Vanadium chrysoberyl

First published in Facette 29 (May 2024)

Vanadium as a colouring element is quite often underestimated, mostly as it is often associated and acting together with chromium, a chemical element with a similar geochemical behavior and paragenetic occurrence but which is historically better known in the trade and easier to detect with simple tools (spectroscope) by gemmologists.

Figure 1: A Selection of V-chrysoberyls revealing the range of possible colours from bright ‘mint’ green to saturated buish green. Photo: SSEF.
Apart from tanzanite (V-bearing zoisite) and tsavorite (V-bearing grossular garnet), vanadium is actually also found as an important chemical constituent for example in chrome-tourmaline – which is in fact mostly dominated by vanadium despite its trade name – and Colombian emeralds. In all these cases, vanadium is the main cause of or at least contributing to the colour of these gems. Vanadium-chrysoberyl (or V-chrysoberyl) is an interesting and very attractive addition to these vanadium-coloured gems. Its colour ranges from bright ‘mint’ green to saturated bluish green (Figure 1). It has been found in Tunduru (Tanzania), Ilakaka (Madagascar), Sri Lanka and Myanmar (Krzemnicki & Kiefert, G&G 1996, Schmetzer et al. JoG 2013, see also SSEF Facette 2014, page 20). Being rather rare but often nearly free of inclusions, these gems are sought after by gemstone collectors and jewellery designers. At SSEF, the classification as vanadium chrysoberyl is based on a combination of visual appearance (colour), absorption spectroscopy and chemical trace element analysis, very similar to other colour variety calls, such as cobalt-spinel, emerald, Paraiba tourmaline, to name a few.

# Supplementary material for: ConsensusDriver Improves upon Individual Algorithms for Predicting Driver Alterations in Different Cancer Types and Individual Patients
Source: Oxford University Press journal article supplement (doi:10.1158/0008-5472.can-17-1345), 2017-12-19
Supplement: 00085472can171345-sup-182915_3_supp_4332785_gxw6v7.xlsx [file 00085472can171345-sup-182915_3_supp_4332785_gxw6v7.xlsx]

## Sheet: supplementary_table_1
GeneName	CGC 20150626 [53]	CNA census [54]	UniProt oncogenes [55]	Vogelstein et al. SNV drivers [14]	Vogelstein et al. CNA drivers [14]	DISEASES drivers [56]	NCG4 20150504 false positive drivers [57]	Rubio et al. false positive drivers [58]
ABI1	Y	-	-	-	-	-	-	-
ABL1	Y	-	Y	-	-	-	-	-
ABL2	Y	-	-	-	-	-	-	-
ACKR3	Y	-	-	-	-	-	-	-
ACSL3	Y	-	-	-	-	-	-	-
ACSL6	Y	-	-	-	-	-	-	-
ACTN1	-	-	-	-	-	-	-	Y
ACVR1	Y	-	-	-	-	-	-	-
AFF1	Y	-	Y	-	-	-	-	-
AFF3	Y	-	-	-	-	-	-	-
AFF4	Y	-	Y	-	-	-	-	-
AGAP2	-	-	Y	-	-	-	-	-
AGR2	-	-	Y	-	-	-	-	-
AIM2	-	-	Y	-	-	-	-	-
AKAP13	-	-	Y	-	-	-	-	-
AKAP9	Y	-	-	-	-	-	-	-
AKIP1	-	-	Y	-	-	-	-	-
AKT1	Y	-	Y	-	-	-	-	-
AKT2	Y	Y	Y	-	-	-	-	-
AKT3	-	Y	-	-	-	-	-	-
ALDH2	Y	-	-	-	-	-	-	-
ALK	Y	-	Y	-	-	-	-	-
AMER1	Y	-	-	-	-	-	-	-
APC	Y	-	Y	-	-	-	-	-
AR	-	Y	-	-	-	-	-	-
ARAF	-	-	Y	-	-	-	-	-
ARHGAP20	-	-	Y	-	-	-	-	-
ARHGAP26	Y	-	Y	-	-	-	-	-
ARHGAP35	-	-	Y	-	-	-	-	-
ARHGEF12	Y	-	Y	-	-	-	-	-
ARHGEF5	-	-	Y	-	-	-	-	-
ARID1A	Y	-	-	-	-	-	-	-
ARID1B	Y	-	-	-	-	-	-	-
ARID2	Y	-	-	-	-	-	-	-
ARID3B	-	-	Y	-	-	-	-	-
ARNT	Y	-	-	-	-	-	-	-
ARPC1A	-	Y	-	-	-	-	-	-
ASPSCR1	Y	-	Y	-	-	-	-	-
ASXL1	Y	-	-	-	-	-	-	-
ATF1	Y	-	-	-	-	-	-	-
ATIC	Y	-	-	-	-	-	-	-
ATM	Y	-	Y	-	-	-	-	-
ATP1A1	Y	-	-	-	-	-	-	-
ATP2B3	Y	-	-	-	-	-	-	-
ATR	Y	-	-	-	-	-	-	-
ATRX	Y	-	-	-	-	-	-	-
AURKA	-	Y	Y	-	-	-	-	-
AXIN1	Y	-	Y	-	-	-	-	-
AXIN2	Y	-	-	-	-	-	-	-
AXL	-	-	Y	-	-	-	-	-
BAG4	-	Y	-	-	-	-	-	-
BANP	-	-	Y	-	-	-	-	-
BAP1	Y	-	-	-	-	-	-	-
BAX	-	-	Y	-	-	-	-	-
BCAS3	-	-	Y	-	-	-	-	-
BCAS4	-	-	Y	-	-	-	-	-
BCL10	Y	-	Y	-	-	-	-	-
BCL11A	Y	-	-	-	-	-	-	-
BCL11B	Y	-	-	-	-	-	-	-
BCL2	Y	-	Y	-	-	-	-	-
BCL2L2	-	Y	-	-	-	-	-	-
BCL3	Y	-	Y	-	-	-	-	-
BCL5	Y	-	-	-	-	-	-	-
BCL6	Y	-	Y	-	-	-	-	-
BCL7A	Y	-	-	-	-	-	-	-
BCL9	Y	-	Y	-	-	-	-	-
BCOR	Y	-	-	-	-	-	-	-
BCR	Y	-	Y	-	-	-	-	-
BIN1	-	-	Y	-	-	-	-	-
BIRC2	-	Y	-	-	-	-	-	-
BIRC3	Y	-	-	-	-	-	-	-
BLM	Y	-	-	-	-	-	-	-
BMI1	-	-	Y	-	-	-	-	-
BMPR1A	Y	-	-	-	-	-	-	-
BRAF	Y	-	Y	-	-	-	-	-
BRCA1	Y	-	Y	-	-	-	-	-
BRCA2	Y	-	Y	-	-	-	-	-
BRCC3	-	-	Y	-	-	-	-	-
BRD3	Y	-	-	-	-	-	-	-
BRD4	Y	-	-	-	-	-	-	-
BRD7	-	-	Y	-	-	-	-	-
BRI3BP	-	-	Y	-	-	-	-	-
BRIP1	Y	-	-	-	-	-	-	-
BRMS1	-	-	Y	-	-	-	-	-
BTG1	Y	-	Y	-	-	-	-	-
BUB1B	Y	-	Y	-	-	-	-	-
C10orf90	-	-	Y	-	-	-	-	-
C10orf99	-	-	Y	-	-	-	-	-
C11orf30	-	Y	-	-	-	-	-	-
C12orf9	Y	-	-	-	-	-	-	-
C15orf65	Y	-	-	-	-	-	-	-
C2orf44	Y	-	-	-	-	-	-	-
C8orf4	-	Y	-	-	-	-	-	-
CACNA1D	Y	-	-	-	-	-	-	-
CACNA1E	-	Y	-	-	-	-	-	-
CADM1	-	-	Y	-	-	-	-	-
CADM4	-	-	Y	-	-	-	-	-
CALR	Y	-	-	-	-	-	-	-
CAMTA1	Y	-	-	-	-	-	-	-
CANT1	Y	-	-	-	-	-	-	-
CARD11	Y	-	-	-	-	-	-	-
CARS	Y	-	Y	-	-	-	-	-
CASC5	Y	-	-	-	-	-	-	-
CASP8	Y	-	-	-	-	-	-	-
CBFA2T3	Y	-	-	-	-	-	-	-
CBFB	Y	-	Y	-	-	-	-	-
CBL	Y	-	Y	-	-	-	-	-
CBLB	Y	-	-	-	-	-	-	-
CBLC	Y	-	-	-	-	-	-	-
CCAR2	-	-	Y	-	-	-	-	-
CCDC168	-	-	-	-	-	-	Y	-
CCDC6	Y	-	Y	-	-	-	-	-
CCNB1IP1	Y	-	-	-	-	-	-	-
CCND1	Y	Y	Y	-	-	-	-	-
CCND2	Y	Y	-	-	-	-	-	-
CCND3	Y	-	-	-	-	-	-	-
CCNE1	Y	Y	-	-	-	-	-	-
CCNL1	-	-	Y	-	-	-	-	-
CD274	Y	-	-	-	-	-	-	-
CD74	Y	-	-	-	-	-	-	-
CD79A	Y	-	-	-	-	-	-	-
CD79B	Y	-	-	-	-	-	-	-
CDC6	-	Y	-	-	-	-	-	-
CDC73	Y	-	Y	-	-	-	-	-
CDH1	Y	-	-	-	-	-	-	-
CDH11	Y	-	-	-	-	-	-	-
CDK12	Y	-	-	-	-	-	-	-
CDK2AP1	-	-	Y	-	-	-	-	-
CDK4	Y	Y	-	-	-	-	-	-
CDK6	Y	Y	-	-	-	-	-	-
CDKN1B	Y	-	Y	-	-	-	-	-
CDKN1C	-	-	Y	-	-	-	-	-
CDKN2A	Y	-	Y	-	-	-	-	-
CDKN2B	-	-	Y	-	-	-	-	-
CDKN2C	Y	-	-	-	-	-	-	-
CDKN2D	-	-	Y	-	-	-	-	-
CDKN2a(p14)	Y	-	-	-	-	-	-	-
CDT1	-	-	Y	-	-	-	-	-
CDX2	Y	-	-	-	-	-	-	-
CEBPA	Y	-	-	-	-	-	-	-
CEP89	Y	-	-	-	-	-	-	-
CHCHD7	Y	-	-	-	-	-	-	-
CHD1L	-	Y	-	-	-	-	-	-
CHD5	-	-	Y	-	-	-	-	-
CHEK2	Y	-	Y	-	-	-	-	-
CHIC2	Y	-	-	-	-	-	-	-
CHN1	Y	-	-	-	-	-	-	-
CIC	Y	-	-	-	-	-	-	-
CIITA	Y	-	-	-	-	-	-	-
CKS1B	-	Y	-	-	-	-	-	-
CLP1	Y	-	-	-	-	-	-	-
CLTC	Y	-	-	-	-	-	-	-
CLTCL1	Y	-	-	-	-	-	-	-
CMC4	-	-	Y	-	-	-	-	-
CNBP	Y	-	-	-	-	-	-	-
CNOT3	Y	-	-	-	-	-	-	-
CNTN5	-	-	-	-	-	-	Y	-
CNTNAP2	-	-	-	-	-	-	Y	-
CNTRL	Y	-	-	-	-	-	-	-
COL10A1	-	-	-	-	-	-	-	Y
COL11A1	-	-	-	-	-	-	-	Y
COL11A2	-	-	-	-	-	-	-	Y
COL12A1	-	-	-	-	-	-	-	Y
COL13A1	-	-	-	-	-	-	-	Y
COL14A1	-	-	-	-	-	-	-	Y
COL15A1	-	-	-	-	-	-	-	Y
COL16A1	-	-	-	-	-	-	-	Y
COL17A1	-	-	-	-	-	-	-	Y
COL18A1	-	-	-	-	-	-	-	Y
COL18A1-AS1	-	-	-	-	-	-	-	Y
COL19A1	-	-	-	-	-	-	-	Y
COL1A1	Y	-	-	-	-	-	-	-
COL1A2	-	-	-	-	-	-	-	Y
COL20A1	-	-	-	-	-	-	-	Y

Figure 2: Chemical comparison (Fe/V) of two V-chrysoberyls and a normal chrysoberyl mainly coloured by iron (containing traces of vanadium). Figure: M.S. Krzemnicki, SSEF.
It is important to understand that yellowish green chrysoberyl mainly coloured by iron with traces of vanadium is not fitting to be classified as V-chrysoberyl. As there is a gradual range between vanadium chrysoberyl and iron-dominated chrysoberyl, a separation into these two varieties is not always straightforward and requires a standardized analytical protocol and light (see also the light box article, page 44). The complexity is further increased as there are two different lattice sites in the chrysoberyl structure on which vanadium, but also Cr and Fe may substitute for aluminium, resulting in slightly different impact on absorption and finally colour. Ultimately, the visual colour, i.e. the predominance of a ‘mint’ green to bluish green colour is key to recognize and appreciate this attractive colour variety of chrysoberyl.